The recently-retired Kuiper Airborne Observatory (KAO) gazed deep into the universe for twenty years. Unfortunately, it also occasionally just looked off into space. New technology will improve the quality of science done on the flying observatory's replacement, the Stratospheric Observatory for Infrared Astronomy (SOFIA). Automated balancing of the in-flight telescope will replace KAO's lengthy manual adjustment system when the Boeing 747 bearing the 2.5-meter telescope (the largest airborne astronomical observatory ever constructed) takes off in 2001.
This fall, SOFIA is undergoing detailed system design after evaluation of proposals for prime contracts for the Congress and NASA-approved program. Like its predecessor, SOFIA will be used for advanced astronomical observations at stratospheric altitudes in excess of 41,000 feet. The joint project of DARA (the German space agency) and the National Aeronautics and Space Administration (NASA) will support scientific research in infrared astronomy by accommodating installation of different focal plane length instruments provided by investigators from the international science community. SOFIA's automated balancing technology will allow more instrument changes. They will be able to do 160 science flights per year for the predicted 20-year life of the facility. This will accommodate 50 PI teams, and include about 80 instrument changeouts.
KAO, a C-141 based project, employed a highly-skilled technician to balance the telescope by trial and error before flight, and could not adjust for weight changes due to such things as cryogenics depletion during flight. SOFIA's efficiency will increase beyond KAO's with an automated control system that will both reduce the time required to balance the telescope on the ground, and dynamically balance the telescope in-flight. The DARA-provided telescope system, designed using pattern-recognition techniques, will be able to recognize the desired area of the night sky by comparing video input from the tracking camera with star charts. Dynamic balancing will improve pointing accuracy, increasing the quality of science produced on SOFIA. Further automation still being considered will also reduce costs in terms of how many people are necessary to keep the telescope on target.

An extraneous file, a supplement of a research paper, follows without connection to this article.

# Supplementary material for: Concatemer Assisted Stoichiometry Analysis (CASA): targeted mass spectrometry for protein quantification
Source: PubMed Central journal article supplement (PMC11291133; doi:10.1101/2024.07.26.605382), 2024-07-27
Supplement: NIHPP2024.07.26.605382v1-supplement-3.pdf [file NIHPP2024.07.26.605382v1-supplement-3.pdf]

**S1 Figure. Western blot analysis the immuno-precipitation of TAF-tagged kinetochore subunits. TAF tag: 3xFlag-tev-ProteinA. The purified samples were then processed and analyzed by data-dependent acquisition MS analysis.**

SOFIA will provide an important platform for application of autonomous systems technologies like the one that will automatically re-balance the telescope. An example of technology to be tested on SOFIA is a pressure sensor that can be added as an afterthought to wings and airfoils, as opposed to current technology that requires construction of custom wings and airfoils, often at a cost upwards of a million dollars. The technology to be tested on SOFIA consists of light diffraction gratings whose line spacing will be affected by pressure. The wavelength of light reflected will indicate how much the line spacing has been altered by pressure changes. Such new technology will reduce pressure-sensing to several thousand dollars, as well as make installation easier. Measurements once rejected as too expensive will be taken.
Expanding on KAO's "Live from the Stratosphere" program, the Education and Outreach Office plans to expand SOFIA mission participation to include interested citizens like educators, students, the media, amateur astronomers, and people with scientific interests beyond astronomy who can use SOFIA for their observations. The program outline describes it as "as close to flying aboard the Space Shuttle as will ever experience." In addition, the Office requests public input to help design SOFIA, in the form of a 50 word essay describing what you would do if you could fly aboard SOFIA. Contact Bob Hillenbrand for further outreach information.